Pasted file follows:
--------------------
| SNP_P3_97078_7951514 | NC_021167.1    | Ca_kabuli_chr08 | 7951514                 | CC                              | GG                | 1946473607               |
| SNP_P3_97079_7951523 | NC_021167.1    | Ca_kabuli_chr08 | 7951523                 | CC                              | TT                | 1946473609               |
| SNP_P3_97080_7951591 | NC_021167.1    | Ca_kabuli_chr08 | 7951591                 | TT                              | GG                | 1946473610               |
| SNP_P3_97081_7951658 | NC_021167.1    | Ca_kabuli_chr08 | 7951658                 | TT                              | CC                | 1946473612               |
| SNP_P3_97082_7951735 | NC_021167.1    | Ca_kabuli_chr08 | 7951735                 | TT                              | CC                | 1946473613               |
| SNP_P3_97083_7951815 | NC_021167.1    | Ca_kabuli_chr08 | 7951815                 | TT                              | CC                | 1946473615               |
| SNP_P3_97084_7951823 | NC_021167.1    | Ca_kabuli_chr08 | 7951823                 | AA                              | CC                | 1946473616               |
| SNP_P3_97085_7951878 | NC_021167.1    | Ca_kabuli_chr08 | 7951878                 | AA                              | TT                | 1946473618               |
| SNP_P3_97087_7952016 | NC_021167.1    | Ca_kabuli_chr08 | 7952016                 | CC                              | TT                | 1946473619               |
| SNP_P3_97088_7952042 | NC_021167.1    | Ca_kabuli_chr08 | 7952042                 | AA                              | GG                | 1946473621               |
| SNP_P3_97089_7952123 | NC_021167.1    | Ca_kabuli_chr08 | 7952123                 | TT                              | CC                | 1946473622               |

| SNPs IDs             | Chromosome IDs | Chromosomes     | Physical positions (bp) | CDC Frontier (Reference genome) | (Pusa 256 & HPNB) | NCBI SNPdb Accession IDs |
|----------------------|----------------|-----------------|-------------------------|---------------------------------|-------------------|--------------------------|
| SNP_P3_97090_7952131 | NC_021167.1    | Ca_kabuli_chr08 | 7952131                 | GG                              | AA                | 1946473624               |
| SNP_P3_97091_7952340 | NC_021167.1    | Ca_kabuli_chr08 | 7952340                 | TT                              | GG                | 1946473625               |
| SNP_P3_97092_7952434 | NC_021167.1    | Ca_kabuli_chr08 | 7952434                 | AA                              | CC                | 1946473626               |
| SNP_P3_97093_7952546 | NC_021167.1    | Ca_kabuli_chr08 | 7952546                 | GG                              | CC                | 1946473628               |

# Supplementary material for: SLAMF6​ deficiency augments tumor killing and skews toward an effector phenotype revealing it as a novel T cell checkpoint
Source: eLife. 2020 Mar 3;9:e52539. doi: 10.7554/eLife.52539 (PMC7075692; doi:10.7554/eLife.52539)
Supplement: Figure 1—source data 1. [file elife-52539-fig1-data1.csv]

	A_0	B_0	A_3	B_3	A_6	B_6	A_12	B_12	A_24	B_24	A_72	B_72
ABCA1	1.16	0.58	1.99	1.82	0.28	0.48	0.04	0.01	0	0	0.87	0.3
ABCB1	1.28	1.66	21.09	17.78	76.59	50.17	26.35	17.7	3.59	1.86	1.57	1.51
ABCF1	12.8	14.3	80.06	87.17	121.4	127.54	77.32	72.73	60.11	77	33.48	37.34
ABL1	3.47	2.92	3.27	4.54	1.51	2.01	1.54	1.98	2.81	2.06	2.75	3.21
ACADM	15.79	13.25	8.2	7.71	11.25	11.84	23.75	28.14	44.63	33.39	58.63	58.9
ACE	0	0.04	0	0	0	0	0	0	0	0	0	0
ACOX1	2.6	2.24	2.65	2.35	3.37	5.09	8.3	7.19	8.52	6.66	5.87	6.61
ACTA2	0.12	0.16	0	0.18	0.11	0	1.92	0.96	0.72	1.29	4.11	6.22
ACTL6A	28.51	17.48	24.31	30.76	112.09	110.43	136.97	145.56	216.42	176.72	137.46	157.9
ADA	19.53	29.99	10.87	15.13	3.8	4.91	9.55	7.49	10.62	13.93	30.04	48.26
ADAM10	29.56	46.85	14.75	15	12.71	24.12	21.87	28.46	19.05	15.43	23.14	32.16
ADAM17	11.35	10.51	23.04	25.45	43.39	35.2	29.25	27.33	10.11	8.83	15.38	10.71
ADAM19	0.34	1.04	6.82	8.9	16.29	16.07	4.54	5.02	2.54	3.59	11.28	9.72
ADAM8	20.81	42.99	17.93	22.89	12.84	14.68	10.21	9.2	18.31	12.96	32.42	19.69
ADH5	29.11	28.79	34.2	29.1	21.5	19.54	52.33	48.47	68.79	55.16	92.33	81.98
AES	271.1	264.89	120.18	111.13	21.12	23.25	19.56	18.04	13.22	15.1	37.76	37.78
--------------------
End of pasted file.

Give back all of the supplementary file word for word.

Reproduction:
| SNP_P3_97078_7951514 | NC_021167.1    | Ca_kabuli_chr08 | 7951514                 | CC                              | GG                | 1946473607               |
| SNP_P3_97079_7951523 | NC_021167.1    | Ca_kabuli_chr08 | 7951523                 | CC                              | TT                | 1946473609               |
| SNP_P3_97080_7951591 | NC_021167.1    | Ca_kabuli_chr08 | 7951591                 | TT                              | GG                | 1946473610               |
| SNP_P3_97081_7951658 | NC_021167.1    | Ca_kabuli_chr08 | 7951658                 | TT                              | CC                | 1946473612               |
| SNP_P3_97082_7951735 | NC_021167.1    | Ca_kabuli_chr08 | 7951735                 | TT                              | CC                | 1946473613               |
| SNP_P3_97083_7951815 | NC_021167.1    | Ca_kabuli_chr08 | 7951815                 | TT                              | CC                | 1946473615               |
| SNP_P3_97084_7951823 | NC_021167.1    | Ca_kabuli_chr08 | 7951823                 | AA                              | CC                | 1946473616               |
| SNP_P3_97085_7951878 | NC_021167.1    | Ca_kabuli_chr08 | 7951878                 | AA                              | TT                | 1946473618               |
| SNP_P3_97087_7952016 | NC_021167.1    | Ca_kabuli_chr08 | 7952016                 | CC                              | TT                | 1946473619               |
| SNP_P3_97088_7952042 | NC_021167.1    | Ca_kabuli_chr08 | 7952042                 | AA                              | GG                | 1946473621               |
| SNP_P3_97089_7952123 | NC_021167.1    | Ca_kabuli_chr08 | 7952123                 | TT                              | CC                | 1946473622               |

| SNPs IDs             | Chromosome IDs | Chromosomes     | Physical positions (bp) | CDC Frontier (Reference genome) | (Pusa 256 & HPNB) | NCBI SNPdb Accession IDs |
|----------------------|----------------|-----------------|-------------------------|---------------------------------|-------------------|--------------------------|
| SNP_P3_97090_7952131 | NC_021167.1    | Ca_kabuli_chr08 | 7952131                 | GG                              | AA                | 1946473624               |
| SNP_P3_97091_7952340 | NC_021167.1    | Ca_kabuli_chr08 | 7952340                 | TT                              | GG                | 1946473625               |
| SNP_P3_97092_7952434 | NC_021167.1    | Ca_kabuli_chr08 | 7952434                 | AA                              | CC                | 1946473626               |
| SNP_P3_97093_7952546 | NC_021167.1    | Ca_kabuli_chr08 | 7952546                 | GG                              | CC                | 1946473628               |

# Supplementary material for: SLAMF6​ deficiency augments tumor killing and skews toward an effector phenotype revealing it as a novel T cell checkpoint
Source: eLife. 2020 Mar 3;9:e52539. doi: 10.7554/eLife.52539 (PMC7075692; doi:10.7554/eLife.52539)
Supplement: Figure 1—source data 1. [file elife-52539-fig1-data1.csv]

	A_0	B_0	A_3	B_3	A_6	B_6	A_12	B_12	A_24	B_24	A_72	B_72
ABCA1	1.16	0.58	1.99	1.82	0.28	0.48	0.04	0.01	0	0	0.87	0.3
ABCB1	1.28	1.66	21.09	17.78	76.59	50.17	26.35	17.7	3.59	1.86	1.57	1.51
ABCF1	12.8	14.3	80.06	87.17	121.4	127.54	77.32	72.73	60.11	77	33.48	37.34
ABL1	3.47	2.92	3.27	4.54	1.51	2.01	1.54	1.98	2.81	2.06	2.75	3.21
ACADM	15.79	13.25	8.2	7.71	11.25	11.84	23.75	28.14	44.63	33.39	58.63	58.9
ACE	0	0.04	0	0	0	0	0	0	0	0	0	0
ACOX1	2.6	2.24	2.65	2.35	3.37	5.09	8.3	7.19	8.52	6.66	5.87	6.61
ACTA2	0.12	0.16	0	0.18	0.11	0	1.92	0.96	0.72	1.29	4.11	6.22
ACTL6A	28.51	17.48	24.31	30.76	112.09	110.43	136.97	145.56	216.42	176.72	137.46	157.9
ADA	19.53	29.99	10.87	15.13	3.8	4.91	9.55	7.49	10.62	13.93	30.04	48.26
ADAM10	29.56	46.85	14.75	15	12.71	24.12	21.87	28.46	19.05	15.43	23.14	32.16
ADAM17	11.35	10.51	23.04	25.45	43.39	35.2	29.25	27.33	10.11	8.83	15.38	10.71
ADAM19	0.34	1.04	6.82	8.9	16.29	16.07	4.54	5.02	2.54	3.59	11.28	9.72
ADAM8	20.81	42.99	17.93	22.89	12.84	14.68	10.21	9.2	18.31	12.96	32.42	19.69
ADH5	29.11	28.79	34.2	29.1	21.5	19.54	52.33	48.47	68.79	55.16	92.33	81.98
AES	271.1	264.89	120.18	111.13	21.12	23.25	19.56	18.04	13.22	15.1	37.76	37.78